People evaluate you based on these two questions

Harvard social psychologist Amy Cuddy speaks at Cosmopolitan Magazine ‘s 2014 Fun Fearless Life Conference.
Craig Barritt / Getty
amy cuddy
Craig Barritt / Getty

When we meet new people, we form an opinion about them within seconds. And vice versa, we are assessed just as quickly.

But what exactly decides whether a person likes us or not?

Amy Cuddy has been dealing with this question for years. Together with her colleagues, the psychologists Susan Fiske and Peter Glick, the professor at Harvard Business School has been researching for more than 15 years how the first impression we get of a person is created.

In doing so, she discovered an interesting pattern that she describes in her new book “Your body speaks for you: work from within, convince, radiate “sums up:

She discovered that our counterpart answered the following two questions in a flash at a first meeting:

  • Can i trust this person?
  • Can I respect this person?

Psychologists also speak of the fact that you can achieve your warmth (your social behavior) and yours competence being judged. Ideally, the other person will come to the conclusion that you have both – and you get along wonderfully.

Harvard professor Cuddy has noticed, however, that people believe that competence plays a more important role in a job. After all, they usually want to prove that they are smart and talented enough to work with the other person.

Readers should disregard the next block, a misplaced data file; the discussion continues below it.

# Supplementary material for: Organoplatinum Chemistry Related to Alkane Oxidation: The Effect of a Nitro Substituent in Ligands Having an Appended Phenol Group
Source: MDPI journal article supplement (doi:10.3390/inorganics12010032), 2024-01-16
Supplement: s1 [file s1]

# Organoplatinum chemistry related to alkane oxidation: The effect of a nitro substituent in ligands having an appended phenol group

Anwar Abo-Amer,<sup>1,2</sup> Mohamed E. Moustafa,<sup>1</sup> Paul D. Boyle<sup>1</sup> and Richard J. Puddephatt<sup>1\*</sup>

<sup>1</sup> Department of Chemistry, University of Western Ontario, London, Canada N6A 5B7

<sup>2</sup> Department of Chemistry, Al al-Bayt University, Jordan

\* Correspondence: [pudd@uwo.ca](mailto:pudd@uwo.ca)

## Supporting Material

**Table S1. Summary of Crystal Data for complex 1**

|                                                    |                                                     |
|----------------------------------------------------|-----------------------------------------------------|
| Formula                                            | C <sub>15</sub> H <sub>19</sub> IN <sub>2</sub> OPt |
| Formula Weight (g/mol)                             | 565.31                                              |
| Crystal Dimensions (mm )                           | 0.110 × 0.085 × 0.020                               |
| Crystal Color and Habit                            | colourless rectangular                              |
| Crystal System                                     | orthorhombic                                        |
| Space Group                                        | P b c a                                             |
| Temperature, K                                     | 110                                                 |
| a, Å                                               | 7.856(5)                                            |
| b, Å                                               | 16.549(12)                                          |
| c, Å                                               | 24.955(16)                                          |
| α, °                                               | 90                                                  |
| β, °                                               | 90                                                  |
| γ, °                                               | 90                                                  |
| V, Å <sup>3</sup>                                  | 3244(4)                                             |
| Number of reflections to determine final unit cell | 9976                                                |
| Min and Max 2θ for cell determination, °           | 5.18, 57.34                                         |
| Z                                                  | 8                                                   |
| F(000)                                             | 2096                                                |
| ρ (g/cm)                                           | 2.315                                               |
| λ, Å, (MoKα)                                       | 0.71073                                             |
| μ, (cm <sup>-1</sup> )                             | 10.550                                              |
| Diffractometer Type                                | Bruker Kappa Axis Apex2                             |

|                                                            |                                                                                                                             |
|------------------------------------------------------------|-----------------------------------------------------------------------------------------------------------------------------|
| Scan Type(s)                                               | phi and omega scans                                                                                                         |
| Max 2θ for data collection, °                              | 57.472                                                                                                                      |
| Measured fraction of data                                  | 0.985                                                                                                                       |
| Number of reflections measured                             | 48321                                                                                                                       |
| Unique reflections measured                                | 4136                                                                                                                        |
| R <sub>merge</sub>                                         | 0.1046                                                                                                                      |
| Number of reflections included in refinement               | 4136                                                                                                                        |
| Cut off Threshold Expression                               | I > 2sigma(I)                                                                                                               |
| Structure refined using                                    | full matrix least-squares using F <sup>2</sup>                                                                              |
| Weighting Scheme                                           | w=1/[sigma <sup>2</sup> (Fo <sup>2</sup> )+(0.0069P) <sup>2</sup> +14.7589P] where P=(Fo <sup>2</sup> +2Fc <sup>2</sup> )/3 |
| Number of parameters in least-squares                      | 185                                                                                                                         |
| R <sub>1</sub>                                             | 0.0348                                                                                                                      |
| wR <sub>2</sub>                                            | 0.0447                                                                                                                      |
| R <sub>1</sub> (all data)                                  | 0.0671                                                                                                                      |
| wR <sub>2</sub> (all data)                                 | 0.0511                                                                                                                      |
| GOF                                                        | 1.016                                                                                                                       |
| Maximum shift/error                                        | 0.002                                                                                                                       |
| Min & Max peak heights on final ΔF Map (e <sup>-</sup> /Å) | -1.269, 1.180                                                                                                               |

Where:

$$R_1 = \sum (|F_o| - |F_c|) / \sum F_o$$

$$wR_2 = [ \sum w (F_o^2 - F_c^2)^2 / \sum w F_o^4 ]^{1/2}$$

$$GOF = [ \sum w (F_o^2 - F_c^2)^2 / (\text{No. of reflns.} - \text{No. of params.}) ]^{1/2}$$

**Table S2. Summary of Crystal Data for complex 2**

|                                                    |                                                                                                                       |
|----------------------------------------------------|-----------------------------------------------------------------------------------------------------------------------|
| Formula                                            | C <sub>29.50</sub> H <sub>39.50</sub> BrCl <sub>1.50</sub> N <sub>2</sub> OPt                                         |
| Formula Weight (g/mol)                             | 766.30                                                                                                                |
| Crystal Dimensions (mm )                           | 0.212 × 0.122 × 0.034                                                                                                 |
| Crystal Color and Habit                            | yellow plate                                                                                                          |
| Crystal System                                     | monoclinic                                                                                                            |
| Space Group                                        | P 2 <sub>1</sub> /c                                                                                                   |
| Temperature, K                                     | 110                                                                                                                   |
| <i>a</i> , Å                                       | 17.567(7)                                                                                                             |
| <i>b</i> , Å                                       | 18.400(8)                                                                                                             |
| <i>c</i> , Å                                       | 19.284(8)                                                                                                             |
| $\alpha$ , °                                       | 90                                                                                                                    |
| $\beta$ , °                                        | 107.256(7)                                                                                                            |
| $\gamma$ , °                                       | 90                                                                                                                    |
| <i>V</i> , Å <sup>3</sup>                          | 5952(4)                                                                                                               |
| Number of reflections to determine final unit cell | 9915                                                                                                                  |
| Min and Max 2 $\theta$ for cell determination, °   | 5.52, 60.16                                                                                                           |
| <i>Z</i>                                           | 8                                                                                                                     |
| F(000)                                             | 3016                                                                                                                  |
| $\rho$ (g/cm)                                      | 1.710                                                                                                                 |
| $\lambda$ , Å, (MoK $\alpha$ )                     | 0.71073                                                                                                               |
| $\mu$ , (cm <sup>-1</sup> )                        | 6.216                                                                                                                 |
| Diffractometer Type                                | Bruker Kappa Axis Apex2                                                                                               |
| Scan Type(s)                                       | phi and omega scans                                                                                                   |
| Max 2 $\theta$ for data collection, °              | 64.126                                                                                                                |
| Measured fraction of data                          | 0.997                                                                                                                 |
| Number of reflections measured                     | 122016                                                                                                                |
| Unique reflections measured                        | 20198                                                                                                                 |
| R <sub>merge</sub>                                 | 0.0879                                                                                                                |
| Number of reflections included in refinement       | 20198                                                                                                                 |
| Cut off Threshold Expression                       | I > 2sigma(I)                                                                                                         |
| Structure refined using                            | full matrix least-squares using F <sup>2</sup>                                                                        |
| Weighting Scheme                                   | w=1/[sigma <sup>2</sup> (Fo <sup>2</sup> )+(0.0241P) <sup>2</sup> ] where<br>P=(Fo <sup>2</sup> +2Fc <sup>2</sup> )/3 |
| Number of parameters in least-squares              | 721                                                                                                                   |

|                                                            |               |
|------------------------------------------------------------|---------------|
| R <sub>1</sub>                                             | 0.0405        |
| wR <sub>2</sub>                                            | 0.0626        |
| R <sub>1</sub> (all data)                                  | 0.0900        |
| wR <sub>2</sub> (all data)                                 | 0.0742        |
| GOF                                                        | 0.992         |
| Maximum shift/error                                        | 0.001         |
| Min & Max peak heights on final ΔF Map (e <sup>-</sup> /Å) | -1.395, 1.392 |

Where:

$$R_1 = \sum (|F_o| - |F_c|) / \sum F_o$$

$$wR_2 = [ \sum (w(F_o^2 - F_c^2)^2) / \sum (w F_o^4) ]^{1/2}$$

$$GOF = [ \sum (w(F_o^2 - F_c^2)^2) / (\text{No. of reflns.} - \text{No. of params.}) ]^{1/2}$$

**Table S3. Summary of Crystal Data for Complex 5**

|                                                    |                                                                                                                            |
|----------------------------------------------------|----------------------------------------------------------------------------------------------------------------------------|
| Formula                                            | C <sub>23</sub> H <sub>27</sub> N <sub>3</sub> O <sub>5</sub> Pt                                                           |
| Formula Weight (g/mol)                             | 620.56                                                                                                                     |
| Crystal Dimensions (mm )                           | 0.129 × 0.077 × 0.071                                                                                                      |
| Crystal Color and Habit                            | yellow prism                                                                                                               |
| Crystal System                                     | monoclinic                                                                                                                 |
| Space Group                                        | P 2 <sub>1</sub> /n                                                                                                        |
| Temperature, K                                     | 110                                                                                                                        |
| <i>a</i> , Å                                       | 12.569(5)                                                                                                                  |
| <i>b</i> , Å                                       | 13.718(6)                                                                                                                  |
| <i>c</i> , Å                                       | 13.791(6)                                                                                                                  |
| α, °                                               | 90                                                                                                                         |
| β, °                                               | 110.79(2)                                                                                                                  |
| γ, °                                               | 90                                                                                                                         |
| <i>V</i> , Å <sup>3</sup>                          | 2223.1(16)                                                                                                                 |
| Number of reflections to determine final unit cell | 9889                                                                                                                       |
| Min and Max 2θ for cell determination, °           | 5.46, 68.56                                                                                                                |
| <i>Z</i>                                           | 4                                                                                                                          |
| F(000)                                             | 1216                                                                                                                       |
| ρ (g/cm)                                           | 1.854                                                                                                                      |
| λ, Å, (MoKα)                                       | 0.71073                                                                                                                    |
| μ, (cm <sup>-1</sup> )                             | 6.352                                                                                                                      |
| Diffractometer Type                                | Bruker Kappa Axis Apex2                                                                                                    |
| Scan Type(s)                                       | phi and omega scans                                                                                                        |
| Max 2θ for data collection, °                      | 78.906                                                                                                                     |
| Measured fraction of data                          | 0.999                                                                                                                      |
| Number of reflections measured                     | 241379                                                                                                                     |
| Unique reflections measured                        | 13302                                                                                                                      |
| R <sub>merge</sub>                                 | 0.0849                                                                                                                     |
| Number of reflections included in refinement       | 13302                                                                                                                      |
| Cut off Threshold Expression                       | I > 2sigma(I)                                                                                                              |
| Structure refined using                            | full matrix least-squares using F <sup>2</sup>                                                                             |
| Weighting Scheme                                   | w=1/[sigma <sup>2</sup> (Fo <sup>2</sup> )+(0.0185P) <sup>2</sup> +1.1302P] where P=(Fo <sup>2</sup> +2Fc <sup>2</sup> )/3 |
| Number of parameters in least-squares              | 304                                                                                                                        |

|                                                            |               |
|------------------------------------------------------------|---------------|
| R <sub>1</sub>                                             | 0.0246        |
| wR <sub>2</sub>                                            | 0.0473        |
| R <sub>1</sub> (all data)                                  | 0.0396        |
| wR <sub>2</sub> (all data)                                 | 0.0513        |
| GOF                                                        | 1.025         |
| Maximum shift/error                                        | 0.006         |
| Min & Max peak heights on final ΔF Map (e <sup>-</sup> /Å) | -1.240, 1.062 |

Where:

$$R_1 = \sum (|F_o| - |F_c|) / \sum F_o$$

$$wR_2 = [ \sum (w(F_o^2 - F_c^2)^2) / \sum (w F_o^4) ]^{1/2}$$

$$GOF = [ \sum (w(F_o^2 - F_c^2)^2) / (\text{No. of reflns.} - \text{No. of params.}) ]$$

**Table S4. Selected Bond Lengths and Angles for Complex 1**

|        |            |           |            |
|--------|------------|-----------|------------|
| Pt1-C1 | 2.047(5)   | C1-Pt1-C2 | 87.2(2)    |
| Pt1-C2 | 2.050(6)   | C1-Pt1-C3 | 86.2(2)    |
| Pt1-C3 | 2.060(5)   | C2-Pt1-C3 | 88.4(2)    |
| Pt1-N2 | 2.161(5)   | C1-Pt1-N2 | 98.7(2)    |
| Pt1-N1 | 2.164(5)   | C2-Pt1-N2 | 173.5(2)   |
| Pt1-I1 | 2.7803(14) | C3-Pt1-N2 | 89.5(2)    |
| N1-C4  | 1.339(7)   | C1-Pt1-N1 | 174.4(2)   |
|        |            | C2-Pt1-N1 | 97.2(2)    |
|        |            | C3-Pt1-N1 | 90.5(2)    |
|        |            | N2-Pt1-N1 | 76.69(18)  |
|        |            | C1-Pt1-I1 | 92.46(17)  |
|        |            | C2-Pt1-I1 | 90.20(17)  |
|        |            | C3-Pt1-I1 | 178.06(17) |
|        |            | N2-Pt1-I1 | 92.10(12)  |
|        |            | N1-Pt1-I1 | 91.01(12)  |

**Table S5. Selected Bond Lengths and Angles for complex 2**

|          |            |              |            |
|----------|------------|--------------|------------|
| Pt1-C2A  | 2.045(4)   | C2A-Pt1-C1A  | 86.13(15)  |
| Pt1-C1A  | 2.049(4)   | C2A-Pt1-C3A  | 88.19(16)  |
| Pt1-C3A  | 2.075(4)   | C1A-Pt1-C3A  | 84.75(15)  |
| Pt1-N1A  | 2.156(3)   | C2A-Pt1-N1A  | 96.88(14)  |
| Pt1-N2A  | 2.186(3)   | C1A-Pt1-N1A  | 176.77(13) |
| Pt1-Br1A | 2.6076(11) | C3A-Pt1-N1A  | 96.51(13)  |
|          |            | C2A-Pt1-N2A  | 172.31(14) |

But actually the warmth is crucial when it comes to assessing yourself. Cuddy explains it this way: “From an evolutionary point of view, knowing whether a person deserves your trust is essential for survival.” Because when we were all still in caves, it was much more important to find out whether or not the other caveman was going to kill you and steal your belongings. The ability to make a good fire was of secondary importance.

Competence is highly valued in today’s society, but according to the psychologist, it only comes into play when there is already a basis of trust. Therefore, it can backfire if you focus too much on your strengths.

The expert means above all young professionals who have just graduated from a renowned business school and who then want to come across as smart and professional. This can mean that they never ask for help, generally rejecting invitations to after-work activities and thus appear aloof in the short or long term. The rude awakening comes when you don’t get the job you long for after an internship because nobody really knows or trusts you.

“If you try to influence someone who doesn’t trust you, you won’t get very far. You will probably even arouse his suspicions and be classified as manipulative, ”says Cuddy. “Only a warm, trustworthy person who is also strong and competent will be admired. However, the basis of trust must first be created. Because only then does strength become something positive and not a threat. “

This article was published by in July 2018. It has now been reviewed and updated.


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